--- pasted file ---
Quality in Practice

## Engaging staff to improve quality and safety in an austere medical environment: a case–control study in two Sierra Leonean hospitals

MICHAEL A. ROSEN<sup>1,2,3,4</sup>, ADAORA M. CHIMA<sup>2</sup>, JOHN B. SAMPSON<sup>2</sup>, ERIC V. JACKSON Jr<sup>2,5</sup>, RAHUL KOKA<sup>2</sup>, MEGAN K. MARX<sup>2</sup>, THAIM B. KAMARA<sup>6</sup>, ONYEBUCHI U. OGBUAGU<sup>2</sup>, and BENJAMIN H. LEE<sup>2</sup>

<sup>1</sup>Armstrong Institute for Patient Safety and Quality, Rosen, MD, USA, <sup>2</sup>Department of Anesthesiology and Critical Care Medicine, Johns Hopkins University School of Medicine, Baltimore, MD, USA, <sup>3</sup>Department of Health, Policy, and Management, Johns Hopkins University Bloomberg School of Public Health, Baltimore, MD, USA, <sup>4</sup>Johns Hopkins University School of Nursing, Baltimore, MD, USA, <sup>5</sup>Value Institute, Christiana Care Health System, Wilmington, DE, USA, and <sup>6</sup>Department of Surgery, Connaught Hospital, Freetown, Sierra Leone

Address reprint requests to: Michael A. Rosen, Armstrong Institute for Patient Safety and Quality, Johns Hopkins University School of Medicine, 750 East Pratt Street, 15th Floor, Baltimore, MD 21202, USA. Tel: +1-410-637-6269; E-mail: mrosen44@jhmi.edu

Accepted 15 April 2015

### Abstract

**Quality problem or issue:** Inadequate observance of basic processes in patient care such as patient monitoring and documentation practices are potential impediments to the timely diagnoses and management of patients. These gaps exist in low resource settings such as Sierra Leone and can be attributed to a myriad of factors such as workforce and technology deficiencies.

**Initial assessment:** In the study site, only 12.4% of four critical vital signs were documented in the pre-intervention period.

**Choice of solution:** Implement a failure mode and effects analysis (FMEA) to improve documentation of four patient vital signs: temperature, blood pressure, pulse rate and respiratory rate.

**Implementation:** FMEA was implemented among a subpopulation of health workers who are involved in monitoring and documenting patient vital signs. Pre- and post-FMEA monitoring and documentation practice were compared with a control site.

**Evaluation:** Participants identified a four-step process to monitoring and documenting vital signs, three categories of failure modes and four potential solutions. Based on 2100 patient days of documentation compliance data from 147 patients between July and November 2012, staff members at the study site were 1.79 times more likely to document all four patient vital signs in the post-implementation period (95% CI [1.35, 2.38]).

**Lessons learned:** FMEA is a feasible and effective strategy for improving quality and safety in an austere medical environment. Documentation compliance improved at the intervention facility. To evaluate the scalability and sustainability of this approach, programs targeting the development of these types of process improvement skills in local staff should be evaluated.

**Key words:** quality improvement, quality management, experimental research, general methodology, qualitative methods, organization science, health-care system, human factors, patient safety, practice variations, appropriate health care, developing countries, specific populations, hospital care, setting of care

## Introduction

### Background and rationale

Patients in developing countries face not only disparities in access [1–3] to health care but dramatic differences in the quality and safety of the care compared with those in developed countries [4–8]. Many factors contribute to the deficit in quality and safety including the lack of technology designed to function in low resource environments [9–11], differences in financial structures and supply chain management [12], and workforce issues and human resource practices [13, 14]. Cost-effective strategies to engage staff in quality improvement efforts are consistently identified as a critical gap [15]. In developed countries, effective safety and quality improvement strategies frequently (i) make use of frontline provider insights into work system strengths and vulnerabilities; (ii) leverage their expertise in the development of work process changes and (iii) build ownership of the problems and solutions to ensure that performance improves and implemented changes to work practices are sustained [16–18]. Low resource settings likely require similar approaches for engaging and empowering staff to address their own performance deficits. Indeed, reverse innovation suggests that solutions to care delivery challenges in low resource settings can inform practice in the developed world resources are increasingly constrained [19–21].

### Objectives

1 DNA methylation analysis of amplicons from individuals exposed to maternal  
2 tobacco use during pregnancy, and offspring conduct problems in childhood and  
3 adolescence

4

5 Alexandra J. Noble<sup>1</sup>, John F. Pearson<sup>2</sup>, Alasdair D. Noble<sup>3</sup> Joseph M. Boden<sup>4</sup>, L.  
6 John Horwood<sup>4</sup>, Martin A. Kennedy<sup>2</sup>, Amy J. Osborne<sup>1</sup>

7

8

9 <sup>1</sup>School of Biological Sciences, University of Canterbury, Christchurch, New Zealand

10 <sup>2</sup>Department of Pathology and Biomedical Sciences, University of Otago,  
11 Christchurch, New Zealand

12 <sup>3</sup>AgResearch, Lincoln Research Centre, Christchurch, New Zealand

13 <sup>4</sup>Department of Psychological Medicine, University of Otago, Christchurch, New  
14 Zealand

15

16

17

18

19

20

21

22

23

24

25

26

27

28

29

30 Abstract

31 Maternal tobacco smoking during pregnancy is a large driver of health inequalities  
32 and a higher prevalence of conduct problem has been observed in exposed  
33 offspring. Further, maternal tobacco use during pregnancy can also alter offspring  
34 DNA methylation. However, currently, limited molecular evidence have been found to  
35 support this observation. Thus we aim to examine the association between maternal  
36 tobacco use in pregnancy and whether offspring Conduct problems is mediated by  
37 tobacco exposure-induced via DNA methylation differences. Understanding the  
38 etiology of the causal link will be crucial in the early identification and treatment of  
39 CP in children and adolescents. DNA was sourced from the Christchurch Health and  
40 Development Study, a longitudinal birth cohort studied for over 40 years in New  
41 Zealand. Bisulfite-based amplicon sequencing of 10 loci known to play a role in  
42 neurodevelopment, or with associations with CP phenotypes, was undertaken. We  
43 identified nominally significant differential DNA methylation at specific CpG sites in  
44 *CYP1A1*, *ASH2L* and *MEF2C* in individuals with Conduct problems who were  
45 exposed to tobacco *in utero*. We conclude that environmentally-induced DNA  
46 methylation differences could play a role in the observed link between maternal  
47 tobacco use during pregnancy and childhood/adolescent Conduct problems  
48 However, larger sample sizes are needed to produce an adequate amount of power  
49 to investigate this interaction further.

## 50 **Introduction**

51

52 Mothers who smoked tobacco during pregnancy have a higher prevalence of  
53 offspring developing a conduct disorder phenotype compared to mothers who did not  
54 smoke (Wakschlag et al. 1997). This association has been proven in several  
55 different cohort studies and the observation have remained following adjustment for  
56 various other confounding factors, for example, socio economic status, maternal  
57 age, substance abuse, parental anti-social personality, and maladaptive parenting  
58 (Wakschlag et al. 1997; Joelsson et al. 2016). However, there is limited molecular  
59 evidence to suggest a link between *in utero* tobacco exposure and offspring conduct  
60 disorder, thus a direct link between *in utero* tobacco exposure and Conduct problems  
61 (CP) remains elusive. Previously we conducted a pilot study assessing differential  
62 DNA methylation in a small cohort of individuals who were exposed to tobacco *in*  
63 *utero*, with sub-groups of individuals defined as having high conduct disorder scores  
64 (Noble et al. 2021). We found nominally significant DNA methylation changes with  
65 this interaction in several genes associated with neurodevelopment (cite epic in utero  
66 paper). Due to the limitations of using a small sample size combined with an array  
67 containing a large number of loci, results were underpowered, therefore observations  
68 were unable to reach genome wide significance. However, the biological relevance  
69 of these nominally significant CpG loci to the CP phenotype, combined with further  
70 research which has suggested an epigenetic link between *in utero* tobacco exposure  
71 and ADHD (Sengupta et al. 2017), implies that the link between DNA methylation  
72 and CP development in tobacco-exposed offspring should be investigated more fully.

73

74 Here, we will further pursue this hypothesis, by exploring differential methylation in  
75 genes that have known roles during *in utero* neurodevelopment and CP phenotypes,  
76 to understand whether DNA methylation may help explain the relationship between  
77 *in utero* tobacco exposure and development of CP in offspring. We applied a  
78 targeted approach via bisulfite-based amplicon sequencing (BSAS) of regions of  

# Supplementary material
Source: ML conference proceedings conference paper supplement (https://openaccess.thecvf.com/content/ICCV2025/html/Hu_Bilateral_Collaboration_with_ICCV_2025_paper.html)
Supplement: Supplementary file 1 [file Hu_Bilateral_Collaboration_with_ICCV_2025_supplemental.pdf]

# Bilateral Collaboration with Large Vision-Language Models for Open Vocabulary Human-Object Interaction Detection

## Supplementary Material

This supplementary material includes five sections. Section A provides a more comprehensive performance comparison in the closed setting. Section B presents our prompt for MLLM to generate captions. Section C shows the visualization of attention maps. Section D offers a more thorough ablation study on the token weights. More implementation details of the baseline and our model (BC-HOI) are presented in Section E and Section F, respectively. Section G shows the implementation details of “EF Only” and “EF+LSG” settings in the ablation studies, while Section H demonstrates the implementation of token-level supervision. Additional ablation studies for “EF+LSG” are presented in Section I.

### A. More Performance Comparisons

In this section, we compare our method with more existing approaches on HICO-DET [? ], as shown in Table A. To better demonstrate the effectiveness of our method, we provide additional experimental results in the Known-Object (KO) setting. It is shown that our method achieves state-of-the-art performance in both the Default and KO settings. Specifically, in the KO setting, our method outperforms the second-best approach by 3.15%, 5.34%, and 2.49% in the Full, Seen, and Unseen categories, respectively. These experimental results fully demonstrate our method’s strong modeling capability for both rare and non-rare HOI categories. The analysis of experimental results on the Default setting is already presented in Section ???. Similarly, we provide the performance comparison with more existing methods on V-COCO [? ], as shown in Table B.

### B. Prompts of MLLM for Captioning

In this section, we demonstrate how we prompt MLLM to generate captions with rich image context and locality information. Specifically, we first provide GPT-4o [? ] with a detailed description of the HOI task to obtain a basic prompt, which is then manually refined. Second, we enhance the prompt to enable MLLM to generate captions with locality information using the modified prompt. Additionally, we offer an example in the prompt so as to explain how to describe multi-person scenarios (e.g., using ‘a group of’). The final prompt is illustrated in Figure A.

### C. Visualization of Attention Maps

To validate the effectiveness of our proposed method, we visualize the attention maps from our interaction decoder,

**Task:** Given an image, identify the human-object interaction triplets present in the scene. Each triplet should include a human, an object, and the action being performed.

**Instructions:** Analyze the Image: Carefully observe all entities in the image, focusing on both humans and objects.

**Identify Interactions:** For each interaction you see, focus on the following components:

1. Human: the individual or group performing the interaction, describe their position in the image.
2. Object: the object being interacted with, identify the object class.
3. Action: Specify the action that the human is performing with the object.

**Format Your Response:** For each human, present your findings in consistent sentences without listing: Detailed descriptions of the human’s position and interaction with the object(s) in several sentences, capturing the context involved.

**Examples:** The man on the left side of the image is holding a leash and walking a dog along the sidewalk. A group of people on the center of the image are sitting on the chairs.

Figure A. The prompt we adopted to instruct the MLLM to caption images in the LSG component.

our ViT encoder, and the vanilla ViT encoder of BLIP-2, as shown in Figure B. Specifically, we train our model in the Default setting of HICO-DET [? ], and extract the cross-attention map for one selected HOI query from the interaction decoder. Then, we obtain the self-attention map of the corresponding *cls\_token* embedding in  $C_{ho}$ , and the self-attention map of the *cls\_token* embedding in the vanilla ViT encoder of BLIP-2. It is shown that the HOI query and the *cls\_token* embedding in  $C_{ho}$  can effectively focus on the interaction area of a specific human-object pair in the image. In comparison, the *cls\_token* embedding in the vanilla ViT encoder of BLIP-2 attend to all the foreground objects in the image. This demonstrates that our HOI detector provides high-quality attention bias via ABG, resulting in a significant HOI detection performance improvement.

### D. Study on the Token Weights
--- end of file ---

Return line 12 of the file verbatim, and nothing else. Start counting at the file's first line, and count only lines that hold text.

**Evaluation:** Participants identified a four-step process to monitoring and documenting vital signs, three categories of failure modes and four potential solutions. Based on 2100 patient days of documentation compliance data from 147 patients between July and November 2012, staff members at the study site were 1.79 times more likely to document all four patient vital signs in the post-implementation period (95% CI [1.35, 2.38]).